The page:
Neuromancer, tempo, and flaws

I’m rereading Neuromancer.

No, strike that, I’ve just finished rereading Neuromancer; probably my fifth time through the book. This time I’m reading it with more of a critical eye, trying to train myself as to why it lit things on fire, why it spawned a generation of imitators, how it inaugurated a genre that, to my annoyance, I’m still writing in thirty years later.

Annoyance is a strong word. We Were Gods is consciously cyberpunk, at least at the beginning, born out of the same desperate loneliness and desire for contact in a confusing and overloading world that Neuromancer finds itself situated in.

I keep being reminded, strongly, of Nimbus, which I also reread this past year. A lesser known work by local author Alex Jablokov–“oh, my grimdark murder mystery,” as he described it, when we were in line together at a past Arisia. It too is a confusing tale of uneven tempo and avalanche of technological details and of twisted minds. Of layers of reality and memory that get pulled away and re-constructed.

I recommend it, if you like that sort of thing. Don’t think I don’t. It’s a good book, it is just–like Neuromancer–deeply, deeply flawed on many levels.

And that’s what this is about: seeing the flaws in others’ works, and letting them be, and realizing they aren’t fatal.

Neuromancer’s great flaw lies in the absolute deathly boredom of its main character. Case is a non-entity; other than slipping up at the beginning, and one tiny little hero’s choice toward the end (which is really more of a “eh, this is probably fake” moment), he doesn’t DO anything. The novel happens to him; events push him around. The outcome seems inevitable from the get-go, robbing the second half of any sense of tension; we worry, perhaps, for the health of Molly, his razor-fingered girlfriend-cum-bodyguard. We wonder a little bit at the mystery of Wintermute, of Neuromancer, but that ball only gets dropped at the very end, and so the entire middle is a chase scene with no motivation.

The tempo is quite uneven. I’m very sensitive to tempo; talking to my film-making cousin this past week, he is too, and it’s one of the fundamental things that he hammers home when he teaches comedy writing and film-making. Tempo is all; the lines, the scenes, are beats within the greater piece. Tempo determines when the major events and major reveals must happen for the work to seem seamless; when the surprises are “allowed” to happen, and when they cannot.

I watched Reservoir Dogs this morning, for the first time ever. It’s got all the hallmarks of a brash young film-maker flaunting the rules of the screen, converting a stage play to film. The lines are overwritten and spoken on a sound stage; the action a story recounted by an idiot to a fool. He even goes so far as to put himself in the company of Tough Guys at the start, and then (his own joke) kills his own character off quite early, and off-screen. The few characters are flat and cartoonish, their motivations unbelievable, reducible to a single word, or simply ignored.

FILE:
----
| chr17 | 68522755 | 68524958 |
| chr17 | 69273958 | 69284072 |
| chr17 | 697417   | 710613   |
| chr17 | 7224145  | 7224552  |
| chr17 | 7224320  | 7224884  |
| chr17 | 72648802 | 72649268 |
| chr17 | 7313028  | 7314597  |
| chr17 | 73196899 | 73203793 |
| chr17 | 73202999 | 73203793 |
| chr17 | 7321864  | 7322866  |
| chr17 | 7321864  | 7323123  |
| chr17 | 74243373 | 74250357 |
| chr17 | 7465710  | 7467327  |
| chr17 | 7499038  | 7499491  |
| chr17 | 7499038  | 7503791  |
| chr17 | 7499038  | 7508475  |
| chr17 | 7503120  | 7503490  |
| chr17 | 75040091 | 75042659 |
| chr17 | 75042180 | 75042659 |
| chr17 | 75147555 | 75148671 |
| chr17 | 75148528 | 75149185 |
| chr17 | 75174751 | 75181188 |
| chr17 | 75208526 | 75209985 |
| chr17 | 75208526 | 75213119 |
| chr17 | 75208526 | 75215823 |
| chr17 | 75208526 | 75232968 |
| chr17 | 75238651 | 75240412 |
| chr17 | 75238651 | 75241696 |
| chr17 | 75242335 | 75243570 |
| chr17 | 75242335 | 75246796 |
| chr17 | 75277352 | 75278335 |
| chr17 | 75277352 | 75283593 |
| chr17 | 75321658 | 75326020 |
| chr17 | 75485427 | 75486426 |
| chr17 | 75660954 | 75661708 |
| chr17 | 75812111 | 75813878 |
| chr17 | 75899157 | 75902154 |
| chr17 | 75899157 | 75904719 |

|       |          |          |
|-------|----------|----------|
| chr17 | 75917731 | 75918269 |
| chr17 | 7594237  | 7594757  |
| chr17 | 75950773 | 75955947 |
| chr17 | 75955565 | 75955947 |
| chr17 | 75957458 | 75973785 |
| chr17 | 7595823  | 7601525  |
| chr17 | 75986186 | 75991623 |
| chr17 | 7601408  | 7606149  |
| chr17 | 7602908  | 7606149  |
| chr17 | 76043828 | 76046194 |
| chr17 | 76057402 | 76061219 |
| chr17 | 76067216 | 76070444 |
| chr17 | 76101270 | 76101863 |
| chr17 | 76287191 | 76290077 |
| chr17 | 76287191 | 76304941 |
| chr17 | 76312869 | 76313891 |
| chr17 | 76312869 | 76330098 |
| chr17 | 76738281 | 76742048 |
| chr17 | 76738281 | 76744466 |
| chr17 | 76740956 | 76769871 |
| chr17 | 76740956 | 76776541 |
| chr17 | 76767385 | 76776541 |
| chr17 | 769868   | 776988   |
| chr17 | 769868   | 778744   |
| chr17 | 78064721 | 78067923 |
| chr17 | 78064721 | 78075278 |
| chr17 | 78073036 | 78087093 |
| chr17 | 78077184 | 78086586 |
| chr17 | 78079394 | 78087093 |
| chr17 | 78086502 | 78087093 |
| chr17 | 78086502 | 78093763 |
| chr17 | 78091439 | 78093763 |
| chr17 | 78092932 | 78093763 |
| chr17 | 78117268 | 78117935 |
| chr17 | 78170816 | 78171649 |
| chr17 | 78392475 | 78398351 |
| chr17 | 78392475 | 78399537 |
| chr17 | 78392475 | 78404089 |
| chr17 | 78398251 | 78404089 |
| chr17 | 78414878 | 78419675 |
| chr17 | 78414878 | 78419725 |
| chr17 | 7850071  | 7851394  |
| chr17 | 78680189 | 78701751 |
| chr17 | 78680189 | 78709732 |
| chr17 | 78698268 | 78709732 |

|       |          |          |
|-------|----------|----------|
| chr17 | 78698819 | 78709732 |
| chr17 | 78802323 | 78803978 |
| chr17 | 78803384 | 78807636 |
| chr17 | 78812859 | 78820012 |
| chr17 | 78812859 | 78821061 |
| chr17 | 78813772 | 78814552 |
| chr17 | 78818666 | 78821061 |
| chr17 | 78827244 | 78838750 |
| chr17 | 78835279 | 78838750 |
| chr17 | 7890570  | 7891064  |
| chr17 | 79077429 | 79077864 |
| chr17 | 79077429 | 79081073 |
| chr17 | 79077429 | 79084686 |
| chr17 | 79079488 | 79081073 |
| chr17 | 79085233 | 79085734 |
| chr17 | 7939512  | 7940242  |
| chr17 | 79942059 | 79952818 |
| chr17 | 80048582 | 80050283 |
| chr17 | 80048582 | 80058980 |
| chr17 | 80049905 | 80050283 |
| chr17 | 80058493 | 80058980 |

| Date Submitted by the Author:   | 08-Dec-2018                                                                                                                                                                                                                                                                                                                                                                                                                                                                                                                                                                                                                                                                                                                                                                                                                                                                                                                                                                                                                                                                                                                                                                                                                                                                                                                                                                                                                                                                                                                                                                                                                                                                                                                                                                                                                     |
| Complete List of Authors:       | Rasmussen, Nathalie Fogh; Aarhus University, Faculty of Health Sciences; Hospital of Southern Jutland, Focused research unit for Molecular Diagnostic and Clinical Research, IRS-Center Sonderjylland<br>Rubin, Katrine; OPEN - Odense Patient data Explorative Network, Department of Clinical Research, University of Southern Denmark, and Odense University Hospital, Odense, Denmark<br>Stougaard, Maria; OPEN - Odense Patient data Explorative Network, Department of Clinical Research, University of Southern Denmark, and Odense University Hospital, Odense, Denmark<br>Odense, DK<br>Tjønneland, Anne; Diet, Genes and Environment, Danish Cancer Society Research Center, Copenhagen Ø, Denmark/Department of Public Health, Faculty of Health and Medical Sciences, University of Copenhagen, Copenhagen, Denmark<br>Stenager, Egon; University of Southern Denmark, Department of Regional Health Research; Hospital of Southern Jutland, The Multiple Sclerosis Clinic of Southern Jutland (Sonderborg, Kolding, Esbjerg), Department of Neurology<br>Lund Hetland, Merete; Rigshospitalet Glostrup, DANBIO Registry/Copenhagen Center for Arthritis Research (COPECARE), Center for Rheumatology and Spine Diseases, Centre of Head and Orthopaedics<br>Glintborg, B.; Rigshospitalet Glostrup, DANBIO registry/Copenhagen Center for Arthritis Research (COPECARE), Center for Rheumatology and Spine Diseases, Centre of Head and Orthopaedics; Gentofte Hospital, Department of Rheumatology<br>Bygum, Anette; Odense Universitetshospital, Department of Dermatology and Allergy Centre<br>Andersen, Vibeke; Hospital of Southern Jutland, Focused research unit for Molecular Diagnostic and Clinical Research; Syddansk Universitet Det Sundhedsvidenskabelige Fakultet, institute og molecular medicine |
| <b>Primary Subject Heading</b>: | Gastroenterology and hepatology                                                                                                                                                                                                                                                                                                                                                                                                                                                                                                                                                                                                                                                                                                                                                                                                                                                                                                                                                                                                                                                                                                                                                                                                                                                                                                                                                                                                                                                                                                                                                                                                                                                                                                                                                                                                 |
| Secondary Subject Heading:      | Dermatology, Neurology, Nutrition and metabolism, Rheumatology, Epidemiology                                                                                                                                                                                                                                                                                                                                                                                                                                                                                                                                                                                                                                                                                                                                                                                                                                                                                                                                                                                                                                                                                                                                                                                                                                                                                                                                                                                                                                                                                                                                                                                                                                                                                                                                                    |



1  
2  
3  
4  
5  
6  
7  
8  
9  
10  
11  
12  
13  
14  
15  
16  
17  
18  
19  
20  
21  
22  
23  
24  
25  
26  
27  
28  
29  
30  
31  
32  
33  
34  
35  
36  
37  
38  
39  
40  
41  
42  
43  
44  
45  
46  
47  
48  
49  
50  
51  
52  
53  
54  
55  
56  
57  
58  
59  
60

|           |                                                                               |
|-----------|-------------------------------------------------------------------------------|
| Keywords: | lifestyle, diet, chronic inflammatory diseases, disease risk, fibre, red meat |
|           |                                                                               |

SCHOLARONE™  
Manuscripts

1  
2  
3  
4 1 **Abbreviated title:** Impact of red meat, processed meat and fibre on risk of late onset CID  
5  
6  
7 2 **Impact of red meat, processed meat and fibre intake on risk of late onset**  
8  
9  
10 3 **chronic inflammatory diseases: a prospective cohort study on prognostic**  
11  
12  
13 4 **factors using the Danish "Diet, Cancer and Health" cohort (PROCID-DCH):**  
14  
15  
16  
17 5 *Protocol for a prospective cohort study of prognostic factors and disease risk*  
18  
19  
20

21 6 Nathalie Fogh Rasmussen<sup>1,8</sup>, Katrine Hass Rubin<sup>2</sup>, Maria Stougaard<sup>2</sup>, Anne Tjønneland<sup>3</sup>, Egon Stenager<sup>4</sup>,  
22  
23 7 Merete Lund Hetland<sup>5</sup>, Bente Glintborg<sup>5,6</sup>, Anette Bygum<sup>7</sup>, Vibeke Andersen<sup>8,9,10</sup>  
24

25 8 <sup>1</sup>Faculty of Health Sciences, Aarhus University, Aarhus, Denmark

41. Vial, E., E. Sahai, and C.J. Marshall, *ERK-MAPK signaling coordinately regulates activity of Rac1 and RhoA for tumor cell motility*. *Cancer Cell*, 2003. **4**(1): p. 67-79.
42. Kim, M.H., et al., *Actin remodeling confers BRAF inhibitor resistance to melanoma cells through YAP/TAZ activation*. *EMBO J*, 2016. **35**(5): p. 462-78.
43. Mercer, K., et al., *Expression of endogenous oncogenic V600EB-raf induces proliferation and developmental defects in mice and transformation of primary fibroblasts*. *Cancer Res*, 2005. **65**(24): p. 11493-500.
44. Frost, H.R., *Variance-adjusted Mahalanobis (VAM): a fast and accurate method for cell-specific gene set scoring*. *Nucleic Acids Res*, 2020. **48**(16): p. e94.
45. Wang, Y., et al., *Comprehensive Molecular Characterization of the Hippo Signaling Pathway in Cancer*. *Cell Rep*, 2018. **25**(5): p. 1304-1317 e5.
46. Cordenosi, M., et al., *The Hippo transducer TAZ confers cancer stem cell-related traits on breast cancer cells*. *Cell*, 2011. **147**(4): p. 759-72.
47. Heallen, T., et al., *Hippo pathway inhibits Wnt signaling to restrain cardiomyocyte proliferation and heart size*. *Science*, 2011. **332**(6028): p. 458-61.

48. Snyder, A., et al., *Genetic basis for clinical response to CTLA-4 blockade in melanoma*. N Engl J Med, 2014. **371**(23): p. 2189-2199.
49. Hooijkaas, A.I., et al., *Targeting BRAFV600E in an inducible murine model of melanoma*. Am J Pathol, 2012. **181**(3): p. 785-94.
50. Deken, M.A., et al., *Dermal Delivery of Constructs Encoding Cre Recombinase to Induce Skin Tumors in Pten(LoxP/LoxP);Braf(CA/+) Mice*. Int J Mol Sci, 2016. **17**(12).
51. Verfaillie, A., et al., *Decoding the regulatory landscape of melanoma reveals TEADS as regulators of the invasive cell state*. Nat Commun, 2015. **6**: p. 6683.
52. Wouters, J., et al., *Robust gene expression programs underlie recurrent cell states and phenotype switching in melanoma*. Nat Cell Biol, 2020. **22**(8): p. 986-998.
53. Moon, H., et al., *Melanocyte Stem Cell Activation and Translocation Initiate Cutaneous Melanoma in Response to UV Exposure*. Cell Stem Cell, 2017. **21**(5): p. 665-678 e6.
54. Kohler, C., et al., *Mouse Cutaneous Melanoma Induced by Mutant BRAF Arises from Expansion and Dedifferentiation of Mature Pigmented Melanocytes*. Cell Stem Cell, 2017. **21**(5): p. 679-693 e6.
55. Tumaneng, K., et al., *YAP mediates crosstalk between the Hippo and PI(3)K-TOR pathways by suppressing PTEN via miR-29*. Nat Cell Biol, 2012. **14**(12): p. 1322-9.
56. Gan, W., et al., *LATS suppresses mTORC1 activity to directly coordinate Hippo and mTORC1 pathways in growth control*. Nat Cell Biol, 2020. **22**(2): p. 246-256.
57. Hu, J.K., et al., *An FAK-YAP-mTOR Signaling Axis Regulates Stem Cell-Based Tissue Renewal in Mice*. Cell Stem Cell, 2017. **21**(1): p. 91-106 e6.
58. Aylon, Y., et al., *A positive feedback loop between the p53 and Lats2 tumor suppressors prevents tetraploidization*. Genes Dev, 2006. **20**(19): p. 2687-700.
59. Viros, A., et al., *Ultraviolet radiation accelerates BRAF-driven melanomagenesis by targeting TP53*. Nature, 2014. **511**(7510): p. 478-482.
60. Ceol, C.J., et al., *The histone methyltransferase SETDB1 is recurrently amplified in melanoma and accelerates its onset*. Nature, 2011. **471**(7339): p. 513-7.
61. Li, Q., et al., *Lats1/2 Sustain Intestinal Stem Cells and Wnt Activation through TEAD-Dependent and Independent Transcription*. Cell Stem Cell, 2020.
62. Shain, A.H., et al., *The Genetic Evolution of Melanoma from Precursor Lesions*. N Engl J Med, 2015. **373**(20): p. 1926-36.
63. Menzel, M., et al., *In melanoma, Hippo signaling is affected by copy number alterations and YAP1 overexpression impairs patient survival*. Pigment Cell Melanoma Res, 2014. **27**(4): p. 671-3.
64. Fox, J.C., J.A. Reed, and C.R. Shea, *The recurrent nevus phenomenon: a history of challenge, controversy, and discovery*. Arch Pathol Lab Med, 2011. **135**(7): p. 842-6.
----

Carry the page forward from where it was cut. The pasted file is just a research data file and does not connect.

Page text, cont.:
But as in Pulp Fiction, there’s a masterful control of tempo. Tarantino uses the flashback and the story-frame as judo throws to keep the pace up despite the dialogue, despite the closed-room aspect of the bulk of the action. (I first saw Pulp Fiction pretty much in chronological order–not film order–so my experience of it is very skewed. It was on auto-repeat on the campus TV channel and I kept tuning in earlier and earlier. A bit like that re-cut of Memento someone did, with the plot told linearly.) The tempo carries us along–along with the benefit of the closed doors of the movie theater, a luxury that fiction novelists do not share–and so when the inevitable, almost droll conclusion finally occurs, we find surprising only its abruptness.

Meanwhile, We Were Gods had to undergo a rather traumatic editing pass. When half-way done, it was focused on smoothing out the wrinkles–pushing plot wobbles forward toward the end, like ironing a folded shirt, filled with concerned about what I’ll find when I press forward.

The original ending was a bit slap-dash, and unsatisfying–full of sound and fury, but not really holding up to scrutiny once you’ve closed the book. Part of me was concerned that I can never come up with an ending good enough to justify making the reader wade through 600-odd pages of action; an ending that unravels or explains or at least lands the twenty or thirty different plot points I want to cover.

And then I read and watch the endings of “great works”, of things that have had such a drastic impact on their respective fields, and remember that, to a first approximation, nobody knows how to write endings. Perhaps Mr. Gaiman, who seems to pluck them out of the mythologic ether and work backward to form them into a story.

I guess we do the best I can, and figure out what might work, and perhaps it’ll be good enough. If not–there’s always the second edition, the Director’s Cut, in this age of mix and remix. Right?

(originally published 2013)

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